It booted up to the Startup Splash Screen ... Then the system came back to the screen that said it had a problem.
    It gave the three options:
    1. Safe Boot
    2. Safe Boot with Networking
    3. Last Known Good Configuration
    4. Normal

    I tried all the options in order it came back to that screen every time.
    I then inserted my XP CDRom Disk and it went through and asked what I wanted to do. Gave the normal options, tried a Repair of it. It booted to the 4 option Screen. So that not working re-ran the XP CD and opted for it to try and Repair my Current Installation, prior to this having been working on my wife's PC with a MUP.sys problem I had made a backup of the following registry files:

    default.bak
    sam.bak
    security.bak
    software.bak
    system.bak

    I hope all this helps. Thank you.
     
  9. Rich-M

    Rich-M

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    I sure never heard of XP repair which appears to be done correctly removing programs....something is worng here.
     
  10. IMiteBable2help

    IMiteBable2help

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    @ Rich-M
    Repair is an option when you boot from an XP CD if XP is already installed on the C drive. C'mon, you've never heard of that?

    Anyway, I've never seen it actually work. It usually messes everything up and you end up do a clean install anyway. I suppose it would be a good option if your machine won't boot into Windows so you could get to your files, but you still need to do a complete re-install.

    @Mr_B_1961: See post #3. For all the time invested so far, it could have been been fixed by now. Next time you want to change out a motherboard, it's best to think of it as a new computer so you'll have to do a clean install of the OS and applications.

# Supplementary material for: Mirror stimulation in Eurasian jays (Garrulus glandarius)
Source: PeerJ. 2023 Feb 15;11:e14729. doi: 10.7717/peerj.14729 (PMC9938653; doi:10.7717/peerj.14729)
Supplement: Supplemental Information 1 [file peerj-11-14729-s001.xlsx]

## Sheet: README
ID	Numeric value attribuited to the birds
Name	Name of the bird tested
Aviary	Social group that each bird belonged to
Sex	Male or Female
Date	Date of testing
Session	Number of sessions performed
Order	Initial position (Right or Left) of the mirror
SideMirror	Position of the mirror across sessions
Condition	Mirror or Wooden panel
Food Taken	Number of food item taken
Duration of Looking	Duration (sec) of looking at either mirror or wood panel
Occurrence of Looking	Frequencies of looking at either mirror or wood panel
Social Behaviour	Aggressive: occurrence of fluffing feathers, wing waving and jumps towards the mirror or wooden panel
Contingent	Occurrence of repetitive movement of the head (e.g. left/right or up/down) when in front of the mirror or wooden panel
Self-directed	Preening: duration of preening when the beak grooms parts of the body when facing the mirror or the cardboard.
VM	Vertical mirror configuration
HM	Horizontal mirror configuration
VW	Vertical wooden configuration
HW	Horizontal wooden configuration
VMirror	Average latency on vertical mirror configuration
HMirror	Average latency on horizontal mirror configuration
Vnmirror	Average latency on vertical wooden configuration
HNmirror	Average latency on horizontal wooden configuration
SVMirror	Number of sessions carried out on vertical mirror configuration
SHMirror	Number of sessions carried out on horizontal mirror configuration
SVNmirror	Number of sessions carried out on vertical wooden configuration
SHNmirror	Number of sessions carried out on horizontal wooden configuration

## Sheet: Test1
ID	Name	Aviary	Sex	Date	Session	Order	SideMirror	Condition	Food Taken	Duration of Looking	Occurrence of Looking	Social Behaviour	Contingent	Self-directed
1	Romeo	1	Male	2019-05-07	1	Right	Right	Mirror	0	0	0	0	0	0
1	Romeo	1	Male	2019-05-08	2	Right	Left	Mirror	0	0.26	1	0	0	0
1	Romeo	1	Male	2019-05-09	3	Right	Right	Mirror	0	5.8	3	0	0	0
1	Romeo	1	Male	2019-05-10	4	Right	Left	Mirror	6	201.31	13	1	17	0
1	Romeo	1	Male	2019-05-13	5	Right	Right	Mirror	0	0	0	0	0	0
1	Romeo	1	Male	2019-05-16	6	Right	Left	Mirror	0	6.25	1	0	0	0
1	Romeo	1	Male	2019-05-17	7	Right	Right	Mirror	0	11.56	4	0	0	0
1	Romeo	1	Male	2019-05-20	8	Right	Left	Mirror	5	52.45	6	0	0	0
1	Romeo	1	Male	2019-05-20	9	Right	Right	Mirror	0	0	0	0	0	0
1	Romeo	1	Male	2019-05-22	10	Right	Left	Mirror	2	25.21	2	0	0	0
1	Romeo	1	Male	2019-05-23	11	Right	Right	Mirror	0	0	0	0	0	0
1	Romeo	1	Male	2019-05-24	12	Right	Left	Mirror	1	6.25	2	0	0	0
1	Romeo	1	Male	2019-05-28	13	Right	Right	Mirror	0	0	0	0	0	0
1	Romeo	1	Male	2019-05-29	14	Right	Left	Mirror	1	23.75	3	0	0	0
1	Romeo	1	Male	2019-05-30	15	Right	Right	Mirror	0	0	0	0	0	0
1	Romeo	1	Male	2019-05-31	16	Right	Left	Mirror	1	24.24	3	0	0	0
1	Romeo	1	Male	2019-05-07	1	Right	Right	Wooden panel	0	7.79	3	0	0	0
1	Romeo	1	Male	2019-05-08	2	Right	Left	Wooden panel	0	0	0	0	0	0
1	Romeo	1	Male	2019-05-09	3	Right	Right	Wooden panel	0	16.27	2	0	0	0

11. Rich-M

    Rich-M

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    I said I never heard of XP repair removing programs, not that I never heard of XP Repair!
     
  12. IMiteBable2help

    IMiteBable2help

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    You know, I just re-read your post before I read your response and I now realize what you were saying. Sorry. My bad.

    You are right. It doesn't actually remove programs. Theoretically a repair should only replace important system files in the event that they become corrupted, and it should do the very least necessary to repair the OS itself so it can operate. Unfortunately, this often results in registry changes and replacement many .DLL's that programs depend on, resulting in those programs failing to work after the OS repair. As I was saying before, a repair sounds good in theory, but in reality you're better off re-installing everything, or better yet, having a recent known good backup of your entire HDD. The only use I have found for the repair option was on a system that wouldn't boot due to corrupted or missing system files. I used repair so I could get it to boot so I could retrieve some user files, but many programs failed to work after the repair so a clean install was the best option. I feel the same way about system restore. Useless.
     
  13. lawson_jl

    lawson_jl

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    Well IMiteBable2help I was just gonna say what you said about a windows repair replacing the registry and causing all kinds of other errors. You said it well.